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Moving Overseas: Voltages and Format Conversions

by September 19, 2010
Step up to Step Down

Step up to Step Down

Audioholics.com has readers from all over the world. Often we report on devices and releases that are country specific. If an amp or processor is made for the US market, can it be taken to the UK or Australia? What about speakers, Blu-ray players, or even games systems and games? If you buy a game or a movie in another country, will it play on your machine? What about your home country games/movies on a player bought in another country? We're here to straighten all this out for you.


Let's start easy – power. Mains power (the power from the wall) has a frequency (denoted in hertz (Hz)) and a voltage (V). Generally power has a frequency of either 50 or 60Hz and a voltage of somewhere between 100V and 240V. Every piece of electronic equipment you own that has a plug will say, somewhere on it, what types of power it will accept. If it says 50/60Hz, 100-240v, you can simply buy an adapter and plug it into a wall just about anywhere in the world. Often, however, it won't. At that point, a step up or step down transformer is in order.

A step up/down transformer will convert the voltage into whatever you want (usually they only do one type of conversion so you'll have to make sure you buy the right one for your gear). This takes care of half of the problem but not all of it. The frequency, generally, isn't changed. This means that if your gear says 60Hz only and you've moved to a country whose power runs at 50Hz, you've got a problem.

But how big of one? It's only frequency? How bad can it be?

Well, that sort of depends. The transformers in each piece of equipment will vary on how tolerant they are of frequency. Some will operate for years without a problem, others will last seconds before overheating and dying. The only way to know for sure is to contact the manufacturer (or plug it in and hope). Generally speaking, however, if something isn't rated for the frequency of the local power, at best you'll reduce the life of the device by running it hot, at worst it'll smoke, spark, flame and create an electrocution hazard. Is there a solution? Yes, and you may already have it.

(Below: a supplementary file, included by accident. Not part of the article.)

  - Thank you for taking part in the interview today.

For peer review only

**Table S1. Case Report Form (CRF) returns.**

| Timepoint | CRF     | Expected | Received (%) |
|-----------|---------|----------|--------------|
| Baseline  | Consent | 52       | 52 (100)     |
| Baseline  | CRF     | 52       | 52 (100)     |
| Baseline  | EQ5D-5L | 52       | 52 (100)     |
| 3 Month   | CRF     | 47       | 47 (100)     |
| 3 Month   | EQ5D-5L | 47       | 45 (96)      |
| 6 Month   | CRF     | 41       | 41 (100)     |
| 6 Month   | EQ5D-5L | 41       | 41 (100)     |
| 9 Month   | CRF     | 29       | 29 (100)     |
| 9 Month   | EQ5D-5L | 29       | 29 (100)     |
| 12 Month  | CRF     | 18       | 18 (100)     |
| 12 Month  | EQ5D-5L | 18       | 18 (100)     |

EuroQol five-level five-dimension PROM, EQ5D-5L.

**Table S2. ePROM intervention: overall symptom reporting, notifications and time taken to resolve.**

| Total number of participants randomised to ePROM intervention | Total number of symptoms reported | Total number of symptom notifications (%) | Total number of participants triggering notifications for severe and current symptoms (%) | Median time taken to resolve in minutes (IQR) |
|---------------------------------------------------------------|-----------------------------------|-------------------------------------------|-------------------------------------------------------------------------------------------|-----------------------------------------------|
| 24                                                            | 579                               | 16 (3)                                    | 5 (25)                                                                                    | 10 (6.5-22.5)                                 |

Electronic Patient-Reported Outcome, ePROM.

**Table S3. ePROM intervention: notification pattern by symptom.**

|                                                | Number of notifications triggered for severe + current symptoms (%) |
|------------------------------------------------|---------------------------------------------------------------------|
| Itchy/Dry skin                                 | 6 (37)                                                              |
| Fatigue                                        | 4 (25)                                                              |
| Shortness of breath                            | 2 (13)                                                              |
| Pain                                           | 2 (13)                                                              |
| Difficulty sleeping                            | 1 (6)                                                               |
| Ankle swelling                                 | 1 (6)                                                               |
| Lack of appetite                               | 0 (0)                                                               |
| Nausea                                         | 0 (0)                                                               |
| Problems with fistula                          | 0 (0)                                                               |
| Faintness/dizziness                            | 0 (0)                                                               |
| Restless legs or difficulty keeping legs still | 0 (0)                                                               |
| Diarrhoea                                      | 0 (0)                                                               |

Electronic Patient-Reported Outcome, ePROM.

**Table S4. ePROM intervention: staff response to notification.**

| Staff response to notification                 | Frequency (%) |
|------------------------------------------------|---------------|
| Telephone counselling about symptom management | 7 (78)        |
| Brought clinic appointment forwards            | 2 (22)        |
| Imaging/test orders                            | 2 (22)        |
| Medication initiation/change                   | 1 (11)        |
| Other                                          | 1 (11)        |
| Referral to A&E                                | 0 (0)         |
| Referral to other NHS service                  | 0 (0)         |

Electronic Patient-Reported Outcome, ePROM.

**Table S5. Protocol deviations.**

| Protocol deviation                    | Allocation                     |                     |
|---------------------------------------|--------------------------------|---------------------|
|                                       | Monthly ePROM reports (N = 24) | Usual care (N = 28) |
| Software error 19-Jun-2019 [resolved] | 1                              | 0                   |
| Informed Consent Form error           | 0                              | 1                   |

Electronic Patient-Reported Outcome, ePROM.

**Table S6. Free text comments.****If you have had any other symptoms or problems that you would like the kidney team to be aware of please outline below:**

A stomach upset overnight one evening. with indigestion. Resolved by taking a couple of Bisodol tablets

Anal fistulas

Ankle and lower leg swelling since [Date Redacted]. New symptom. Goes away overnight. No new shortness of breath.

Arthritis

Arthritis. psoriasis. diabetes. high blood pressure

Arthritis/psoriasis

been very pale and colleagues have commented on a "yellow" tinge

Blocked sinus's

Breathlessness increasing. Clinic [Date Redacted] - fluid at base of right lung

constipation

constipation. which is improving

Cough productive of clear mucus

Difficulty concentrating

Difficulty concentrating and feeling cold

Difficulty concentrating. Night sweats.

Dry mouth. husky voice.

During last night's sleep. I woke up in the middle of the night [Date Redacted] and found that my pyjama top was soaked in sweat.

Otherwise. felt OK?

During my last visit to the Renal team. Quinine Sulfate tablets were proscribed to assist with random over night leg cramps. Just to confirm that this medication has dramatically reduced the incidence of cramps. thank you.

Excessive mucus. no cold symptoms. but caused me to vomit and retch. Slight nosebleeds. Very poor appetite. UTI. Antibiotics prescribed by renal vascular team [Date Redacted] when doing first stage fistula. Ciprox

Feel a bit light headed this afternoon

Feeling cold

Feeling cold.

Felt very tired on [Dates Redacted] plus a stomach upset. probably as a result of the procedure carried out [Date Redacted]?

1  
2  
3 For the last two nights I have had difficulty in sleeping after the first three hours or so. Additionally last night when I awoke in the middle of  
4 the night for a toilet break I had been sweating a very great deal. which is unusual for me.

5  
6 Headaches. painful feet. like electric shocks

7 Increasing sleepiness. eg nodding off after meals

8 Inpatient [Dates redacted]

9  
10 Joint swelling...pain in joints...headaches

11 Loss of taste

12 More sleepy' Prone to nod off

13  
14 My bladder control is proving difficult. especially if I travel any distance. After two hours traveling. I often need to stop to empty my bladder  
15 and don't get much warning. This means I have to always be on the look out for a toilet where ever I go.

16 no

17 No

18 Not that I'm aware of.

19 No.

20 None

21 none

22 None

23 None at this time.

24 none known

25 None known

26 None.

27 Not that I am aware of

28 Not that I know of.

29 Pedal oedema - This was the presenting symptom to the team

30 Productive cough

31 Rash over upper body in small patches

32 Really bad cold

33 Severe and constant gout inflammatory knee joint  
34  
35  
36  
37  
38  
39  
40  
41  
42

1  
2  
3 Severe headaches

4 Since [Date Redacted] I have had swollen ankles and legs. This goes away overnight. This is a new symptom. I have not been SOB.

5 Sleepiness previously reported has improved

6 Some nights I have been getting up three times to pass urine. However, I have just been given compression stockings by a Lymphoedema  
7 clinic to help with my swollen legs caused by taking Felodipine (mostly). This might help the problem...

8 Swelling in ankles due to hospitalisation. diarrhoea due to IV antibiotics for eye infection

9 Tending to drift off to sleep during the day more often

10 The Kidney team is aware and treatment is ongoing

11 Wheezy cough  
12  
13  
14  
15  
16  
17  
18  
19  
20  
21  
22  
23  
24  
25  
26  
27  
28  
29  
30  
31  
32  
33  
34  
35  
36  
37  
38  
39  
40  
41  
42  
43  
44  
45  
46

Power conditioners like the APC H15 are used to stabilize incoming power. They are very flexible when it comes to frequency but not so for voltages (well, they are but only within 15% or so of their prime voltage). While a freestanding transformer which converts voltage and frequency would be very expensive, a transformer which only does voltage isn't. Paired with a device like the APC H15, and you've got an easy way to run your sensitive home theater gear plus surge protection and multiple outlets to boot.

Content (DVD's/Blu-rays/games)

cdYou may have heard of the term “region encoding” before. What this does is essential tie the disc to a specific area of the world or “region.” You can usually look on the back cover of the disc and find the region to which it was encoded. There are region-free discs as well. With Blu-ray, if you see a graphic on the back of the box with the letters A,B,and C, that's a region free disc (it'll play with any player). For DVDs there are six regions plus a zero region which equates to region free. Again you can check the back of your disc boxes.

Games are a bit of different story. I'll leave older game systems alone since they aren't really making any new games for them anyhow. For Playstation 3 owners, you're in luck. Sony, in an unexpected move for the DRM-loving company, has all their games region free. That means if you own a PS3, you can buy a game in any country and it will work on your Playstation. Xbox 360 owners are in a different situation. There are three different regions, NTSC-J (Japan), NTSC-U (USA and Canada), and PAL (Europe and Australia). But just because your disc says NTSC doesn't mean it won't play on a PAL console (or vise versa). On top of that, games sold in some countries won't work on other consoles ever though they have the same markings. The only way to know for sure it to search the Internet. The Wii is similar to the Xbox 360 with the same three regions. All first party games on the Wii are region locked though third-party games may not be. Again, the Internet is your friend in this case.

Players (DVD/Blu-ray/Game Consoles)

consolesAs you might expect, many DVD and Blu-ray players and all game consoles are region encoded. While the PS3 has a region for purposes of Blu-ray and DVD playback, the games are all region free. The Xbox 360 is region encoded for DVD playback and the Wii can't play DVDs at all. While there are quite a few region free DVD players out there, Blu-ray players are much more rare. Most of the solutions tend to be hacks and workarounds though there standalone units are starting to be released.